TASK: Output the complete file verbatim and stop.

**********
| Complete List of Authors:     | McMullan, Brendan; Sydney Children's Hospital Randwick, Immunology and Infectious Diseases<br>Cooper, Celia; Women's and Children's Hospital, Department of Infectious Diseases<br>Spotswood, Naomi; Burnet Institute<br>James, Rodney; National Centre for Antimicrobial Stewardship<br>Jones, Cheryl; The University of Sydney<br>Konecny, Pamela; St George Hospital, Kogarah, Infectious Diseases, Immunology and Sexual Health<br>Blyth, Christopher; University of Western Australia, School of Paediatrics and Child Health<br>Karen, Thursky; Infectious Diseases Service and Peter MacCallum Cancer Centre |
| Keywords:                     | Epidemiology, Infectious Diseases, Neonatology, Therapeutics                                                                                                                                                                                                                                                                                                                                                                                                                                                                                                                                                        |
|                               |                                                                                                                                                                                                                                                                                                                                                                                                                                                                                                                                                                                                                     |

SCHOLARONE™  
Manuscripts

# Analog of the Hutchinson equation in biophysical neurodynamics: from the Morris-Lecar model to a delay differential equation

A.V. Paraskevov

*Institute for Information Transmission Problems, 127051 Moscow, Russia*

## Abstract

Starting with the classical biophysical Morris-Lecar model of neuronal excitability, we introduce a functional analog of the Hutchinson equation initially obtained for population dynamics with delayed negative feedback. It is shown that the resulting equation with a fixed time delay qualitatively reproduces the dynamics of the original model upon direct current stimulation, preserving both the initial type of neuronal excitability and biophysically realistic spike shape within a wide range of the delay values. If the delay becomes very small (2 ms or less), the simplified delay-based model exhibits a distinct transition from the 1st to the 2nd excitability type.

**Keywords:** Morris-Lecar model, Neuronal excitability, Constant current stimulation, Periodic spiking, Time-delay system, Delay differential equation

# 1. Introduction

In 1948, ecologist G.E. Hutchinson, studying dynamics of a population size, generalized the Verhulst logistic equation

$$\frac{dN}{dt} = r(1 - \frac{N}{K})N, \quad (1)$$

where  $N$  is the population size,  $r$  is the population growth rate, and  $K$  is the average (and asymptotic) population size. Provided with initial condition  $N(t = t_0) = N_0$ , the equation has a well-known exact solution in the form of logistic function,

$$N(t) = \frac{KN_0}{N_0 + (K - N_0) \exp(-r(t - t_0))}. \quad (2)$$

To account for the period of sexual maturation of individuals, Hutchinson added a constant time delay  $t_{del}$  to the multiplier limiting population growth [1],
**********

| Complete List of Authors:     | McMullan, Brendan; Sydney Children's Hospital Randwick, Immunology and Infectious Diseases<br>Cooper, Celia; Women's and Children's Hospital, Department of Infectious Diseases<br>Spotswood, Naomi; Burnet Institute<br>James, Rodney; National Centre for Antimicrobial Stewardship<br>Jones, Cheryl; The University of Sydney<br>Konecny, Pamela; St George Hospital, Kogarah, Infectious Diseases, Immunology and Sexual Health<br>Blyth, Christopher; University of Western Australia, School of Paediatrics and Child Health<br>Karen, Thursky; Infectious Diseases Service and Peter MacCallum Cancer Centre |
| Keywords:                     | Epidemiology, Infectious Diseases, Neonatology, Therapeutics                                                                                                                                                                                                                                                                                                                                                                                                                                                                                                                                                        |
|                               |                                                                                                                                                                                                                                                                                                                                                                                                                                                                                                                                                                                                                     |

SCHOLARONE™  
Manuscripts

# Analog of the Hutchinson equation in biophysical neurodynamics: from the Morris-Lecar model to a delay differential equation

A.V. Paraskevov

*Institute for Information Transmission Problems, 127051 Moscow, Russia*

## Abstract

Starting with the classical biophysical Morris-Lecar model of neuronal excitability, we introduce a functional analog of the Hutchinson equation initially obtained for population dynamics with delayed negative feedback. It is shown that the resulting equation with a fixed time delay qualitatively reproduces the dynamics of the original model upon direct current stimulation, preserving both the initial type of neuronal excitability and biophysically realistic spike shape within a wide range of the delay values. If the delay becomes very small (2 ms or less), the simplified delay-based model exhibits a distinct transition from the 1st to the 2nd excitability type.

**Keywords:** Morris-Lecar model, Neuronal excitability, Constant current stimulation, Periodic spiking, Time-delay system, Delay differential equation

# 1. Introduction

In 1948, ecologist G.E. Hutchinson, studying dynamics of a population size, generalized the Verhulst logistic equation

$$\frac{dN}{dt} = r(1 - \frac{N}{K})N, \quad (1)$$

where  $N$  is the population size,  $r$  is the population growth rate, and  $K$  is the average (and asymptotic) population size. Provided with initial condition  $N(t = t_0) = N_0$ , the equation has a well-known exact solution in the form of logistic function,

$$N(t) = \frac{KN_0}{N_0 + (K - N_0) \exp(-r(t - t_0))}. \quad (2)$$

To account for the period of sexual maturation of individuals, Hutchinson added a constant time delay  $t_{del}$  to the multiplier limiting population growth [1],